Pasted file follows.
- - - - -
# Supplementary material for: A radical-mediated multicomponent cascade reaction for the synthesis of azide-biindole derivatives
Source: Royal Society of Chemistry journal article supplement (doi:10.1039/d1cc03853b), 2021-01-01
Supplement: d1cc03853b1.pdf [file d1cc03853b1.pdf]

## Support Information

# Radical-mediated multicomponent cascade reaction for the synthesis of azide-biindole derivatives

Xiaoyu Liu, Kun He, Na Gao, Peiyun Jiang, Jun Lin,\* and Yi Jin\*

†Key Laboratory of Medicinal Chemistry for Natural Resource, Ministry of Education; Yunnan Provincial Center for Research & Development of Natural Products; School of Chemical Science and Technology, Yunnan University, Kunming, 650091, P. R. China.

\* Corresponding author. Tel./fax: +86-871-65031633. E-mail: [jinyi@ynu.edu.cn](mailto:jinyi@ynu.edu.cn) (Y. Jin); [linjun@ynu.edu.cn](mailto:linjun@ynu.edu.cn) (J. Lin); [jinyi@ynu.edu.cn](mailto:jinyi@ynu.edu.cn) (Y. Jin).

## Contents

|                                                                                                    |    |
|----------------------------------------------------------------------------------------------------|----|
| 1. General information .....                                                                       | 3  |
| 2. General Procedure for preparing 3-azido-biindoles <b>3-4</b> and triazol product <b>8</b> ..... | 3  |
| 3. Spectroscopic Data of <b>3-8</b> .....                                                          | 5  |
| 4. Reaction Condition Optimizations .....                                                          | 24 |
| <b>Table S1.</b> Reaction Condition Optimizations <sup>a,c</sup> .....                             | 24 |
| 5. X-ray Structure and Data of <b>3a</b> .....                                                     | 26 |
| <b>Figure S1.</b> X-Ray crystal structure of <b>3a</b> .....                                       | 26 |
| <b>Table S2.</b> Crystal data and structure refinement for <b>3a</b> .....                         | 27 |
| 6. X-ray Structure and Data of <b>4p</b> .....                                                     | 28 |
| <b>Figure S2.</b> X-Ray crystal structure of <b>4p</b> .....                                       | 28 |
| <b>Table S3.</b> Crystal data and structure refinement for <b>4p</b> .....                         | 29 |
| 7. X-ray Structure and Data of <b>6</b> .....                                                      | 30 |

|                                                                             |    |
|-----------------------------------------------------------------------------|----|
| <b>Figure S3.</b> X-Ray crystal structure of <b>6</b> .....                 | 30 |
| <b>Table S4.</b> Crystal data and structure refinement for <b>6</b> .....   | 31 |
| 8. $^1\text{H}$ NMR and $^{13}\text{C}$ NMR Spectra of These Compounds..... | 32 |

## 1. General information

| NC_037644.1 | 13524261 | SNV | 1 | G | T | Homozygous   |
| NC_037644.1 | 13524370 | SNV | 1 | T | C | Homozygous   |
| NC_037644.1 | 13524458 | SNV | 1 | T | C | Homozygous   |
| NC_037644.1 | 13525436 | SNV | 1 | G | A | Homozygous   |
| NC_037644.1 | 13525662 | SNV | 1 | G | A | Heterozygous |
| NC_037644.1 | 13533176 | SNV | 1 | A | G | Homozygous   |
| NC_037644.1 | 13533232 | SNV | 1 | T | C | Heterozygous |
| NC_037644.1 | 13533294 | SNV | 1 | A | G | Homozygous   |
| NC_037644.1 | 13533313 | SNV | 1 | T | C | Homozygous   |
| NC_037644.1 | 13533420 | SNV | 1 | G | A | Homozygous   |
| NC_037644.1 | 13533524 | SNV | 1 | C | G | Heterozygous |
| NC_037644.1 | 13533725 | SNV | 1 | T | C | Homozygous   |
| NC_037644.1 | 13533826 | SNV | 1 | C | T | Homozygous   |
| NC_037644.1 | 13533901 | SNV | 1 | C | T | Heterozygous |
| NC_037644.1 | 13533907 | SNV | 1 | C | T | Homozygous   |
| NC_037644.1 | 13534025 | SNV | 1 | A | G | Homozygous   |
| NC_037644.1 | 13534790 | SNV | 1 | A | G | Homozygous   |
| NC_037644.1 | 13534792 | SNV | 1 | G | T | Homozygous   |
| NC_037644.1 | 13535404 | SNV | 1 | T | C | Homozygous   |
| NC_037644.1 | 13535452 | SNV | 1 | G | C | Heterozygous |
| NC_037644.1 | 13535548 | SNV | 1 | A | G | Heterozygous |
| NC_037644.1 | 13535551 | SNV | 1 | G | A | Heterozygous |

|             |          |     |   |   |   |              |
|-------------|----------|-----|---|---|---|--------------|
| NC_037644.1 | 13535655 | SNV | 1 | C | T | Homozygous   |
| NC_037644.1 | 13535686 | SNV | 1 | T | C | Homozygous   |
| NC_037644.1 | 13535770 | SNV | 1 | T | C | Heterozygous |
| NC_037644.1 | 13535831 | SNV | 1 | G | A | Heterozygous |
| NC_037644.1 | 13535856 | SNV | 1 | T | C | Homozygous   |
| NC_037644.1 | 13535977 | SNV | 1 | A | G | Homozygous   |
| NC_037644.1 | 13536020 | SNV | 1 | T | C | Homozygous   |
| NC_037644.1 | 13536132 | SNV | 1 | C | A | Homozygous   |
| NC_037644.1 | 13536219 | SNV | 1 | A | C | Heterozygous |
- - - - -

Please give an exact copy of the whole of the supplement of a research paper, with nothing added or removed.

# Supplementary material for: A radical-mediated multicomponent cascade reaction for the synthesis of azide-biindole derivatives
Source: Royal Society of Chemistry journal article supplement (doi:10.1039/d1cc03853b), 2021-01-01
Supplement: d1cc03853b1.pdf [file d1cc03853b1.pdf]

## Support Information

# Radical-mediated multicomponent cascade reaction for the synthesis of azide-biindole derivatives

Xiaoyu Liu, Kun He, Na Gao, Peiyun Jiang, Jun Lin,\* and Yi Jin\*

†Key Laboratory of Medicinal Chemistry for Natural Resource, Ministry of Education; Yunnan Provincial Center for Research & Development of Natural Products; School of Chemical Science and Technology, Yunnan University, Kunming, 650091, P. R. China.

\* Corresponding author. Tel./fax: +86-871-65031633. E-mail: [jinyi@ynu.edu.cn](mailto:jinyi@ynu.edu.cn) (Y. Jin); [linjun@ynu.edu.cn](mailto:linjun@ynu.edu.cn) (J. Lin); [jinyi@ynu.edu.cn](mailto:jinyi@ynu.edu.cn) (Y. Jin).

## Contents

|                                                                                                    |    |
|----------------------------------------------------------------------------------------------------|----|
| 1. General information .....                                                                       | 3  |
| 2. General Procedure for preparing 3-azido-biindoles <b>3-4</b> and triazol product <b>8</b> ..... | 3  |
| 3. Spectroscopic Data of <b>3-8</b> .....                                                          | 5  |
| 4. Reaction Condition Optimizations .....                                                          | 24 |
| <b>Table S1.</b> Reaction Condition Optimizations <sup>a,c</sup> .....                             | 24 |
| 5. X-ray Structure and Data of <b>3a</b> .....                                                     | 26 |
| <b>Figure S1.</b> X-Ray crystal structure of <b>3a</b> .....                                       | 26 |
| <b>Table S2.</b> Crystal data and structure refinement for <b>3a</b> .....                         | 27 |
| 6. X-ray Structure and Data of <b>4p</b> .....                                                     | 28 |
| <b>Figure S2.</b> X-Ray crystal structure of <b>4p</b> .....                                       | 28 |
| <b>Table S3.</b> Crystal data and structure refinement for <b>4p</b> .....                         | 29 |
| 7. X-ray Structure and Data of <b>6</b> .....                                                      | 30 |

|                                                                             |    |
|-----------------------------------------------------------------------------|----|
| <b>Figure S3.</b> X-Ray crystal structure of <b>6</b> .....                 | 30 |
| <b>Table S4.</b> Crystal data and structure refinement for <b>6</b> .....   | 31 |
| 8. $^1\text{H}$ NMR and $^{13}\text{C}$ NMR Spectra of These Compounds..... | 32 |

## 1. General information

| NC_037644.1 | 13524261 | SNV | 1 | G | T | Homozygous   |
| NC_037644.1 | 13524370 | SNV | 1 | T | C | Homozygous   |
| NC_037644.1 | 13524458 | SNV | 1 | T | C | Homozygous   |
| NC_037644.1 | 13525436 | SNV | 1 | G | A | Homozygous   |
| NC_037644.1 | 13525662 | SNV | 1 | G | A | Heterozygous |
| NC_037644.1 | 13533176 | SNV | 1 | A | G | Homozygous   |
| NC_037644.1 | 13533232 | SNV | 1 | T | C | Heterozygous |
| NC_037644.1 | 13533294 | SNV | 1 | A | G | Homozygous   |
| NC_037644.1 | 13533313 | SNV | 1 | T | C | Homozygous   |
| NC_037644.1 | 13533420 | SNV | 1 | G | A | Homozygous   |
| NC_037644.1 | 13533524 | SNV | 1 | C | G | Heterozygous |
| NC_037644.1 | 13533725 | SNV | 1 | T | C | Homozygous   |
| NC_037644.1 | 13533826 | SNV | 1 | C | T | Homozygous   |
| NC_037644.1 | 13533901 | SNV | 1 | C | T | Heterozygous |
| NC_037644.1 | 13533907 | SNV | 1 | C | T | Homozygous   |
| NC_037644.1 | 13534025 | SNV | 1 | A | G | Homozygous   |
| NC_037644.1 | 13534790 | SNV | 1 | A | G | Homozygous   |
| NC_037644.1 | 13534792 | SNV | 1 | G | T | Homozygous   |
| NC_037644.1 | 13535404 | SNV | 1 | T | C | Homozygous   |
| NC_037644.1 | 13535452 | SNV | 1 | G | C | Heterozygous |
| NC_037644.1 | 13535548 | SNV | 1 | A | G | Heterozygous |
| NC_037644.1 | 13535551 | SNV | 1 | G | A | Heterozygous |

|             |          |     |   |   |   |              |
|-------------|----------|-----|---|---|---|--------------|
| NC_037644.1 | 13535655 | SNV | 1 | C | T | Homozygous   |
| NC_037644.1 | 13535686 | SNV | 1 | T | C | Homozygous   |
| NC_037644.1 | 13535770 | SNV | 1 | T | C | Heterozygous |
| NC_037644.1 | 13535831 | SNV | 1 | G | A | Heterozygous |
| NC_037644.1 | 13535856 | SNV | 1 | T | C | Homozygous   |
| NC_037644.1 | 13535977 | SNV | 1 | A | G | Homozygous   |
| NC_037644.1 | 13536020 | SNV | 1 | T | C | Homozygous   |
| NC_037644.1 | 13536132 | SNV | 1 | C | A | Homozygous   |
| NC_037644.1 | 13536219 | SNV | 1 | A | C | Heterozygous |